10-Hour Construction Industry (29CFR 1926.)


What is OSHA 10 Construction Industry Training?

If you work in construction, you need to know how to identify and remedy common job-site safety hazards, select appropriate protective measures, and determine methods to correct unsafe working conditions.

ASC’s 10-Hour Construction Industry Outreach Training focuses on best practices for identifying and protecting workers against the Fatal Four: Fall Protection, Struck-By, Caught-In or Between and Electrocution. This  course covers how to prevent slipping, tripping, getting struck by an object, electrocution, and getting caught in between objects or machinery.  Whether entry-level or refresher training, ASC aims to increase your knowledge about construction-specific safety measures under OSHA 29 CFR 1926.

All OSHA courses include information regarding the employer’s responsibility for workplace safety, as well as the rights OSHA gives to all workers. Students will also learn how to file a complaint if their workplace isn’t living up to its safety obligations.

Who Should Take OSHA-10 Construction Industry Training? 

This course is intended for entry-level construction worker to provide a general awareness on recognizing and preventing hazards on a construction site. The 10-Hour Course is also beneficial for employees in need of refresher training. Examples of construction jobs include carpenters, electricians, laborers, masons, plumbers, sheet metal workers, tile workers, and welders. Special emphasis will be placed on Client-specific workplace hazards.

Upon successful completion of the course, participants will receive a Certificate of completion. OSHA 10-Hour Construction DOL card will arrive within 6-8 weeks.


  • Given OSHA historical events and current information, the student will be able to explain the importance of OSHA in providing a safe and healthful workplace to workers covered by OSHA.
  • Recognize OSHA Standards references applicable to specific hazardous conditions and practices (Introduction to OSHA Standards)
  • Recognize the aspects of 1926 Subpart C (General Safety and Health Provisions)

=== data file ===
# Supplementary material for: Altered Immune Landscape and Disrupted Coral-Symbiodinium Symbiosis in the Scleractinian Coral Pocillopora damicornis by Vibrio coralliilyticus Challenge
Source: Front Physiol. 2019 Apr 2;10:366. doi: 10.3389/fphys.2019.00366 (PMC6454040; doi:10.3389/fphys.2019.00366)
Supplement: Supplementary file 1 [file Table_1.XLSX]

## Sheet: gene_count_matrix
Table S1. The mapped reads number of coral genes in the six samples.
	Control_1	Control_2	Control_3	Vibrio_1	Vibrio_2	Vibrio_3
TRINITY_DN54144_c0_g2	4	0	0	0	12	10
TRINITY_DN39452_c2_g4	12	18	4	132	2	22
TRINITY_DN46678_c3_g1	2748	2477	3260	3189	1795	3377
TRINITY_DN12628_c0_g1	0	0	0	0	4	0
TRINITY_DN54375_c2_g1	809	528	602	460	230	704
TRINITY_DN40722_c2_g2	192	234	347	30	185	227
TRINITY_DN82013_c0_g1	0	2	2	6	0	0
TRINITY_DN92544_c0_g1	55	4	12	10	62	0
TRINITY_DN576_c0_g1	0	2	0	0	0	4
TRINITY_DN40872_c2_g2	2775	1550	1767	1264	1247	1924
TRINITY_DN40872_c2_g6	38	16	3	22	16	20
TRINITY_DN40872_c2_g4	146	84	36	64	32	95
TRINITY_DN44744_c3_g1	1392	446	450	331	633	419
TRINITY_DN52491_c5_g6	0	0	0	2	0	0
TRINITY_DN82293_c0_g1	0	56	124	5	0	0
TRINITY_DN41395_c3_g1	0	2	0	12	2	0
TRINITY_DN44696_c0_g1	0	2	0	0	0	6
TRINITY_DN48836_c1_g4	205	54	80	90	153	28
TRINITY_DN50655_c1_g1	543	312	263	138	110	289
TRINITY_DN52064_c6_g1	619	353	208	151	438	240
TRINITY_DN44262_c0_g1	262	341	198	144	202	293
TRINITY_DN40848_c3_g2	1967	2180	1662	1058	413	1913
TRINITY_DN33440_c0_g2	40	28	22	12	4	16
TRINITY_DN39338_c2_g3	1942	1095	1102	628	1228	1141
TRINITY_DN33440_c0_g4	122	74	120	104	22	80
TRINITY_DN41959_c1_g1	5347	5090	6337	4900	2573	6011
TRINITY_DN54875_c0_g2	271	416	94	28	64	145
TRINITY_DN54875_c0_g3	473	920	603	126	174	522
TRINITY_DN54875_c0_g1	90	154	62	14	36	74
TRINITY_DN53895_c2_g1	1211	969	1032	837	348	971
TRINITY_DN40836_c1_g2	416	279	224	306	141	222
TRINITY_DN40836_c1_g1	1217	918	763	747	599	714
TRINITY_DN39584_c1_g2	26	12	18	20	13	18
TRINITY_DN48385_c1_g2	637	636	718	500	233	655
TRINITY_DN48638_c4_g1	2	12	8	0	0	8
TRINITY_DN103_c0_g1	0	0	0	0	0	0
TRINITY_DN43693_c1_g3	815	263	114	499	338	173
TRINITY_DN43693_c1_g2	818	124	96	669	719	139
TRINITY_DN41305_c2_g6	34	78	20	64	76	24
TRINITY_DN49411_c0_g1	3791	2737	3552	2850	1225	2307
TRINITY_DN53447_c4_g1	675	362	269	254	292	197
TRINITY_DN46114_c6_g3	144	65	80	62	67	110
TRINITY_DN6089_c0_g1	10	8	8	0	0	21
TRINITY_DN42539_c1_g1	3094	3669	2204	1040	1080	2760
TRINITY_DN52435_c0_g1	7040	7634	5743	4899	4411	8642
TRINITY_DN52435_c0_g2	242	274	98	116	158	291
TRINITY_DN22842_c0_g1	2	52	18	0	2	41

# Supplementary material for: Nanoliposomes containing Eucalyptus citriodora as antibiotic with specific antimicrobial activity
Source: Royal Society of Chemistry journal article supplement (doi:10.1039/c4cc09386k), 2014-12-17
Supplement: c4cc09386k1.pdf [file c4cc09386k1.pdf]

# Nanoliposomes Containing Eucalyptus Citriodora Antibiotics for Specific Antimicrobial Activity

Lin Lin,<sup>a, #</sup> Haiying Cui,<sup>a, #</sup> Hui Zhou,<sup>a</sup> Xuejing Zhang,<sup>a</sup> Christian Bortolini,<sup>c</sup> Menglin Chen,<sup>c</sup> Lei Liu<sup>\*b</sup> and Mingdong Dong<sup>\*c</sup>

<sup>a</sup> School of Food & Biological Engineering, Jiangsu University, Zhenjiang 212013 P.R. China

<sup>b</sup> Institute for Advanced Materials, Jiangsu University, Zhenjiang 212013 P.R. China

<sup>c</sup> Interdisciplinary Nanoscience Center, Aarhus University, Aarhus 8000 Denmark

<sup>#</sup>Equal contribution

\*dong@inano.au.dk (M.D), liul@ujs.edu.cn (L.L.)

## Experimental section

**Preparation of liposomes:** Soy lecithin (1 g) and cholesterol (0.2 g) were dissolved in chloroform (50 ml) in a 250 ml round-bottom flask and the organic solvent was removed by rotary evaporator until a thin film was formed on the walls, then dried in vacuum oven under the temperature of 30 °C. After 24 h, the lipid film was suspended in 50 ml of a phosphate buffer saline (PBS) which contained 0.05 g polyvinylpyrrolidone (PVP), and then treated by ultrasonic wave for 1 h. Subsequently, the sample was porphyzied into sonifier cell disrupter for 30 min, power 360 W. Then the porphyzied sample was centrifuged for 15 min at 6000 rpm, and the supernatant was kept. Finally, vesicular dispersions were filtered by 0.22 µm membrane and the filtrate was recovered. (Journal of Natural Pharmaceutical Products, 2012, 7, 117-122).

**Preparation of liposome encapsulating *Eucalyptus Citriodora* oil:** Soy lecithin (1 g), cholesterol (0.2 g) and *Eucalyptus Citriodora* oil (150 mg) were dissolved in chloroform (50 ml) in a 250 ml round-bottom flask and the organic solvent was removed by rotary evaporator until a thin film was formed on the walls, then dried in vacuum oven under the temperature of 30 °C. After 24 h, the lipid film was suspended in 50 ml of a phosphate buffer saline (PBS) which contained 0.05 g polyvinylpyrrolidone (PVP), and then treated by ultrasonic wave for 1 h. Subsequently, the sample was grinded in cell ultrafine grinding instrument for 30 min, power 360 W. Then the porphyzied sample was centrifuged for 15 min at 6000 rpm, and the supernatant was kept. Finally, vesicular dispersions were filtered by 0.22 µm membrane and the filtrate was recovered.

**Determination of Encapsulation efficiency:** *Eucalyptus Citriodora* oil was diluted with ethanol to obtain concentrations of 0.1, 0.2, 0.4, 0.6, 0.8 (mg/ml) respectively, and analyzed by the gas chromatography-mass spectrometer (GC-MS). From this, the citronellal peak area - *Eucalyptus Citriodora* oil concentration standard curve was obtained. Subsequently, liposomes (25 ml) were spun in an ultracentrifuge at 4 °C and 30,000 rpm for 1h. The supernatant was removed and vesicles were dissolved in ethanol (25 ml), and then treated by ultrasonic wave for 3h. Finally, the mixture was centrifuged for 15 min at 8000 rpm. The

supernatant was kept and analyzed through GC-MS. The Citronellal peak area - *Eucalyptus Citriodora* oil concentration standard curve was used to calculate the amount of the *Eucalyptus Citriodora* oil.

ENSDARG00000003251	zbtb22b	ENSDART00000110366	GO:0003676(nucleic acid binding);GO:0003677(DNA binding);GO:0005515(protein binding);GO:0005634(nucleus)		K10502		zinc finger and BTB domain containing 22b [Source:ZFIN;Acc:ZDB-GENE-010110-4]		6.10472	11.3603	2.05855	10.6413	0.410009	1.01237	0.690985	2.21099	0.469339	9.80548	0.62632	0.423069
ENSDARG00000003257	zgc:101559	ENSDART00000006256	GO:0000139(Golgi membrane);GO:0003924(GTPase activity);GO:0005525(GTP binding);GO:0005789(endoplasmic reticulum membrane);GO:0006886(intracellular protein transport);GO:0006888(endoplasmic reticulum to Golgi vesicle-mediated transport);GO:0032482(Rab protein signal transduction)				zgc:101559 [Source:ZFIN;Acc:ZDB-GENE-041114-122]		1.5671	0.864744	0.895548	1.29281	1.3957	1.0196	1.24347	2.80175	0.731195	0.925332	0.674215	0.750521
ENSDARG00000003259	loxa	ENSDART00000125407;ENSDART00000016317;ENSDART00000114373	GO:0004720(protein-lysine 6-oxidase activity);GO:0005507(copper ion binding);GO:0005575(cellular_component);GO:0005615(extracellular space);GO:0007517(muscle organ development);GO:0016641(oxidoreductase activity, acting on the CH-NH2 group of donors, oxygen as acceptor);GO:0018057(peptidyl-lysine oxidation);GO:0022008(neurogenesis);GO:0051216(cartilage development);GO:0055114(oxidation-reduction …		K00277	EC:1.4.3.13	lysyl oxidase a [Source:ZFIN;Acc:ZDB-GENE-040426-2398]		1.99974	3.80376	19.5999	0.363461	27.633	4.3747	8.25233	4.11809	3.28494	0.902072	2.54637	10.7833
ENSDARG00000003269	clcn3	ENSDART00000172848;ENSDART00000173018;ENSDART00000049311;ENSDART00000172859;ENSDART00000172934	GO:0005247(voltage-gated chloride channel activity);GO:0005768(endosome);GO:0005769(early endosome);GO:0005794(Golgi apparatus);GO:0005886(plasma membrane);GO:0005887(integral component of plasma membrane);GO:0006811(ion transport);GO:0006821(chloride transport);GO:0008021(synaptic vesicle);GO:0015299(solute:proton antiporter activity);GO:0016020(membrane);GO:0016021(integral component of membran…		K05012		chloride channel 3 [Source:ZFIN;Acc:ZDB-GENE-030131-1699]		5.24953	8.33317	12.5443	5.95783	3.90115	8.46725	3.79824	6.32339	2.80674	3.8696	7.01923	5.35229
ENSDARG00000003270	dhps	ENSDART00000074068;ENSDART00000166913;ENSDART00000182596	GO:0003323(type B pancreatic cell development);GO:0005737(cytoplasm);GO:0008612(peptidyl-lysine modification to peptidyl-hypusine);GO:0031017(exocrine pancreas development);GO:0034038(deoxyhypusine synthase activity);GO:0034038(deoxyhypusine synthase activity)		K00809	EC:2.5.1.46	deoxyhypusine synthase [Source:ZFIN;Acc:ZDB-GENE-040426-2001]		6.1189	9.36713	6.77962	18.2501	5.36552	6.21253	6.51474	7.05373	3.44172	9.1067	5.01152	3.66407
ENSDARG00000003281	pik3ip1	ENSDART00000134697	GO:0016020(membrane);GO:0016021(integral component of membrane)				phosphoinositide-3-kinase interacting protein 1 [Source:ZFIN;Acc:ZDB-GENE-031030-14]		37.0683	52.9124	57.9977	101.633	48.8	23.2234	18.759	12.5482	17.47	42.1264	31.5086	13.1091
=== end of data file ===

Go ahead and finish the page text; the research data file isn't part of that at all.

• Implement preventative measures for accidents in their workplace (Subpart D – Occupational health and Environmental Controls)
  • Describe types of personal protective equipment (PPE), and the requirements for use in OSHA standards (Subpart E – Personal Protective Equipment)
  • Recognize the requirements for fire protection in the workplace (Subpart F – Fire Protection and Prevention)
  • Identify types of rigging equipment used to protect employees (Subpart H – Rigging; Subpart N – Cranes and Rigging)
  • Identify the critical health and safety hazards of welding and cutting in the construction industry (Subpart J – Welding and Cutting)
  • Identify common electrical hazards and related OSHA standards (Subpart K – Electrical Standards)
  • Understand the importance of scaffolding for workers in elevated workplaces (Subpart L – Scaffolding)
  • Implement measures for protecting workers and equipment from dangerous falls (Subpart M – Fall Protection)
  • Recognize the hazards associated with working in or around excavation sites (Subpart P – Excavations)
  • Identify the safety requirements necessary to protect workers around concrete and masonry jobs (Subpart Q – Concrete and Masonry)
  • Identify the precautions and hazards to protect workers using explosives or blasting agents (Subpart T – Demolition)
  • Protect workers who perform jobs on or around stairways or ladders at worksites (Subpart X – Stairways and Ladders)
  • List and describe the hazards and prevalence of confined spaces.


  • Introduction to OSHA
  • OSHA Focus Four Hazards
  • Personal Protective Equipment
  • Health Hazards in Construction
  • Cranes, Derricks, Hoists, Elevators and Conveyors
  • Stairways and Ladders
  • Lead Exposure
  • Asbestos Exposure

OSHA DOL Cards & Certifications

Wallet Cards (Department of Labor cards) your card will be mailed to you after completing the Outreach Training course. Since 2016, these cards are made of durable plastic, so you can carry it with you to show employers or inspectors.

Certificates are issued immediately and act as proof that you completed the course before your wallet card arrives.